Jason Sacran | The Excitement of Painting

Jason Sacran reveals and illuminates the many facets of the landscape

By Elizabeth L. Delaney

Jason Sacran, Midday Storms, oil, 14 x 18.

Jason Sacran, Midday Storms, oil, 14 x 18.

This story was featured in the February 2018 issue of Southwest Art magazine. Get the Southwest Art February 2018 print issue or digital download now–then subscribe to Southwest Art and never miss another story.

When it comes to landscapes, Arkansas painter Jason Sacran feels at home in almost any setting that speaks to him—from a rocky coastal vista to a snowy forest to an empty street corner at night. His luminous oil compositions, in turn, capture the life and intimacy of each space he paints, whether dark or light, vast or compact. While his work evokes the essence of place, as well as the dazzling colors and light that define it, it also teems with the spirit and enthusiasm of the artist, who considers his painting sites hallowed ground. Sacran’s pieces project energy, both in the overt movements of crashing waves and lightning strikes, and in the subtle glow of light reflections or the quiet stillness of the forest.

Truly an artist at heart, Sacran has been drawing since he could first hold a pencil. Growing up in a small town in middle Tennessee didn’t afford the young artist any opportunities for formal art instruction. In spite of that, he maintained the self-discipline and desire to persevere, drawing on his own and learning from the objects around him. He looked at bodybuilding and sports magazines to understand anatomy and even set up his He-Man figurines as models. “I drew a lot—thousands and thousands of drawings before college,” he says.

Sacran didn’t have his aspirations set on becoming a professional artist, however, until his senior year of high school, when his guidance counselor submitted his drawings to a commercial art school in Nashville. Not only was Sacran accepted solely on artistic merit, but he also received a scholarship.

After several semesters building his commercial skills, Sacran decided to pursue fine art in earnest and transferred to Tennessee Tech University, where he exchanged his pencils for paintbrushes and ventured into a new medium with which he felt an immediate connection. He earned a bachelor’s degree in painting and went on to take additional classes toward his master’s at the Academy of Art University in San Francisco. Eventually, Sacran and his wife settled in Fort Smith, AR, where he worked for several years as the curator at the Fort Smith Art Center.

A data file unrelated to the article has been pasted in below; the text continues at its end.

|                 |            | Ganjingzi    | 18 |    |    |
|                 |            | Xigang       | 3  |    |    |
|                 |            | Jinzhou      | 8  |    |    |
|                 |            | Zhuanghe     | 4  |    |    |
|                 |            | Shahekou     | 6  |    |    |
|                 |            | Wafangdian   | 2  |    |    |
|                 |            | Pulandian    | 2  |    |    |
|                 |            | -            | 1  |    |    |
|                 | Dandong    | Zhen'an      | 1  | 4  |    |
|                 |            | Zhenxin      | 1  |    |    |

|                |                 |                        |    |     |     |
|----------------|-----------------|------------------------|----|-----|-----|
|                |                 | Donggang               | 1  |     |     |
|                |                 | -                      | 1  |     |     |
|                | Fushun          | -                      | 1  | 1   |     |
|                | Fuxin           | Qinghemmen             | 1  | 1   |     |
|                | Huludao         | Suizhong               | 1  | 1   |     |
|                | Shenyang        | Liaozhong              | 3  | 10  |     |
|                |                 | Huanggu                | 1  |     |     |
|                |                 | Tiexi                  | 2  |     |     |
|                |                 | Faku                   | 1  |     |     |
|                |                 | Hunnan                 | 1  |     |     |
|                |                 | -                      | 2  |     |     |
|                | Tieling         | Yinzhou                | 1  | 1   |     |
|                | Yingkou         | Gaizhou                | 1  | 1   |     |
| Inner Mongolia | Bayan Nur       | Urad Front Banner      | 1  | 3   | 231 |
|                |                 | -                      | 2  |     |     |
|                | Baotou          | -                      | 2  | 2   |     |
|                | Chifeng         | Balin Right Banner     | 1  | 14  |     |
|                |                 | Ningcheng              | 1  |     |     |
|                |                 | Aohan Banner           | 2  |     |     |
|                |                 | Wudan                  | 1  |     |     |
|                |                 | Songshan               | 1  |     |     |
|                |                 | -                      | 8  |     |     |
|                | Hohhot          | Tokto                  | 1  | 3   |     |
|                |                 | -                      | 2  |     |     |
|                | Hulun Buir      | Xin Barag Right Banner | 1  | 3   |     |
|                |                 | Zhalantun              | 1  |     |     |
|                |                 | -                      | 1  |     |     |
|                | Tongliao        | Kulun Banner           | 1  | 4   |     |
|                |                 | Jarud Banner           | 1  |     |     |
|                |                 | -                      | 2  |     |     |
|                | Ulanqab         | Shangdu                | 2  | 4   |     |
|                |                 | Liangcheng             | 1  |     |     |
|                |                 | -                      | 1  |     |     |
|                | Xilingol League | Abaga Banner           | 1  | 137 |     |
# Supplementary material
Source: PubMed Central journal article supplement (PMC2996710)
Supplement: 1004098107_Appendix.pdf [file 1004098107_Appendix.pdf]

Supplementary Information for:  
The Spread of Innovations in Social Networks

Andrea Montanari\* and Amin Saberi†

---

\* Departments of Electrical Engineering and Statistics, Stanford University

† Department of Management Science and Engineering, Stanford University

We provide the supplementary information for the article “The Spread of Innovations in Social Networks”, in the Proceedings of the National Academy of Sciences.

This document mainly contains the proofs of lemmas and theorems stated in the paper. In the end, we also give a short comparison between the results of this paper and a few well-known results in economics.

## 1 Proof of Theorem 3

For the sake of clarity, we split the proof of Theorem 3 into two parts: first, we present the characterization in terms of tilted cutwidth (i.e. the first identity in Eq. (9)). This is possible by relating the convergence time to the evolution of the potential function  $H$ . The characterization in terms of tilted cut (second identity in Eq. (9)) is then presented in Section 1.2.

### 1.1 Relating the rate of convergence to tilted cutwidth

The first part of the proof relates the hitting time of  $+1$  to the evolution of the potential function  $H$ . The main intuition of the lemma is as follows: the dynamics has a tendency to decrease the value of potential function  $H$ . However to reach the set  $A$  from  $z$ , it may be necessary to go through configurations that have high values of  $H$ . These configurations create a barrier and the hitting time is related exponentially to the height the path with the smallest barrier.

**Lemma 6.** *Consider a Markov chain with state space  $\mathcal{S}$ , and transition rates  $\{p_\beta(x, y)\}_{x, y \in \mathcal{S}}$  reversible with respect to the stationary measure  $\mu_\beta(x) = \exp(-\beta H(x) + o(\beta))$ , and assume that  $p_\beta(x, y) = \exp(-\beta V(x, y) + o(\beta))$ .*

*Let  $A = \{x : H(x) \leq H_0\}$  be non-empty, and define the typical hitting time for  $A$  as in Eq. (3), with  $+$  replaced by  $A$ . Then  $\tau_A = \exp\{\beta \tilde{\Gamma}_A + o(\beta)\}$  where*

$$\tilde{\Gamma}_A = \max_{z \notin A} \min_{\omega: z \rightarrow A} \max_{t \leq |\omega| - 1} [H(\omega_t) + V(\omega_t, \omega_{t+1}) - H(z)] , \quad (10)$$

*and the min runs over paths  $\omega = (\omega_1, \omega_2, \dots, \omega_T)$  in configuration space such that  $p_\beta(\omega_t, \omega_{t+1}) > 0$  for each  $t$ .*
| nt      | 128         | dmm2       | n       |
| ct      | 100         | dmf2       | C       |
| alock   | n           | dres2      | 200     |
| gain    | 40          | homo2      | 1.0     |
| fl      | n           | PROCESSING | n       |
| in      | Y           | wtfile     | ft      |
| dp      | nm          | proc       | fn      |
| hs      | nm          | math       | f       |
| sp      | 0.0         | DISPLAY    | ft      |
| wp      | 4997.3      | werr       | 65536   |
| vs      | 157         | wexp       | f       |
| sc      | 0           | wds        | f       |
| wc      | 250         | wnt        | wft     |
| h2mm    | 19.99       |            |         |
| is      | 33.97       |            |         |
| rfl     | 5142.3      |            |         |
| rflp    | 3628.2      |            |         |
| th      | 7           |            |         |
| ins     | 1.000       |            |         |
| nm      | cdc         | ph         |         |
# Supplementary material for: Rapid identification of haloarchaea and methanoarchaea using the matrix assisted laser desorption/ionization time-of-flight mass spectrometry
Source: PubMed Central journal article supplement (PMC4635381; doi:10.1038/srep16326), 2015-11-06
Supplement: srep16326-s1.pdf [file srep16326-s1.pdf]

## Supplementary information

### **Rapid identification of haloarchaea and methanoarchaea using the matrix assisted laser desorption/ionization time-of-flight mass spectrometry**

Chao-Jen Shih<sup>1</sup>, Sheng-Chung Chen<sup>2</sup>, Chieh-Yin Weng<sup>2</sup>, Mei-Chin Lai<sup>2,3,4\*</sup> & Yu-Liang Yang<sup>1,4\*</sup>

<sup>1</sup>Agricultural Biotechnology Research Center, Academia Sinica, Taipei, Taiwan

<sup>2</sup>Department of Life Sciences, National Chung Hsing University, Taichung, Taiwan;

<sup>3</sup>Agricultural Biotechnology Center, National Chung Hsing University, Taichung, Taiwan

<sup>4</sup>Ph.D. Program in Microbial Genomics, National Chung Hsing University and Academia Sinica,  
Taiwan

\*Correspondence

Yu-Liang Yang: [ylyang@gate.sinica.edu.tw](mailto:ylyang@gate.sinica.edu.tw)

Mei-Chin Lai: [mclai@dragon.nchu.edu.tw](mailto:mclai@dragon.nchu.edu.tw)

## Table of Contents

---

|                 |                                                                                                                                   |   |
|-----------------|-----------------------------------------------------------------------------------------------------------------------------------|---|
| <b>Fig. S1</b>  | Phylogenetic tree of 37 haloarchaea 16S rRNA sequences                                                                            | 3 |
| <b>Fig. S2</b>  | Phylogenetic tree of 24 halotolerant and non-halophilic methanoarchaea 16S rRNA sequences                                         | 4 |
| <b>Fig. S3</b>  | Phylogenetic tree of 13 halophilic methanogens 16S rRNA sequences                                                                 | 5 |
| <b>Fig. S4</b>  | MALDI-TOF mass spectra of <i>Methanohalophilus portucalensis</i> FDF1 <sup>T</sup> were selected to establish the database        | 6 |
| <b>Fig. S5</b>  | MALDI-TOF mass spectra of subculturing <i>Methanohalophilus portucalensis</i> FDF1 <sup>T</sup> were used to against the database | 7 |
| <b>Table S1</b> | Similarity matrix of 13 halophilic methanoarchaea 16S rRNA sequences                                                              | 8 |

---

With a drive to create and solid encouragement from his wife, Sacran started painting full time in 2009. He secured gallery representation and began winning prizes at national plein-air competitions. Today he and his family continue to make their home in Fort Smith, a region Sacran enjoys living in and painting. And while local and regional subject matter remains his favorite to interpret in two dimensions, he also takes the opportunity to paint while traveling the country for plein-air events. He attends these frequently, participating in up to eight a year from the East Coast to the West. He especially loves the California terrain, remarking, “There’s nothing like that rugged Pacific coast.”

Sacran taught art as an adjunct professor for three years at the University of Arkansas in Fort Smith, and for the past 10 years he has led workshops all over the United States in plein-air and figurative painting. He has produced an instructional video on painting the effects of light as well. Sacran is a member of the Oil Painters of America and a signature member of the American Impressionist Society. Perhaps most notably, he has won Best of Show awards at the Maui Plein Air Painting Invitational and Plein Air Rockies in 2016, and at Plein Air Easton and the Olmsted Plein Air Invitational in 2015.

Initially, Sacran began painting landscapes at the invitation of friends who asked him along on a plein-air excursion. He accepted, assuming that his aptitude for painting figures would convert easily into landscapes. But he quickly realized that wasn’t the case. “That was the worst experience of my life,” says Sacran with a chuckle. “I felt like a 5-year-old.” Still, he persisted, and he quickly grew enthralled with plein-air encounters. “I fell in love with going outside and painting,” he says. “When I went outside and started painting, just being outside in nature, everything started lining up. Everything felt more intuitive, responsive. There was something there that I had been missing.”

Almost a decade has passed since that first outing, and Sacran still gets “giddy,” he says, when it’s time to pack up his paints, brushes, and boards and head out to create. Spending time in the beautiful, and sometimes offbeat, places he discovers conjures a special connectivity for the artist, giving him and his paintings an instinctive fulfillment that nothing else does.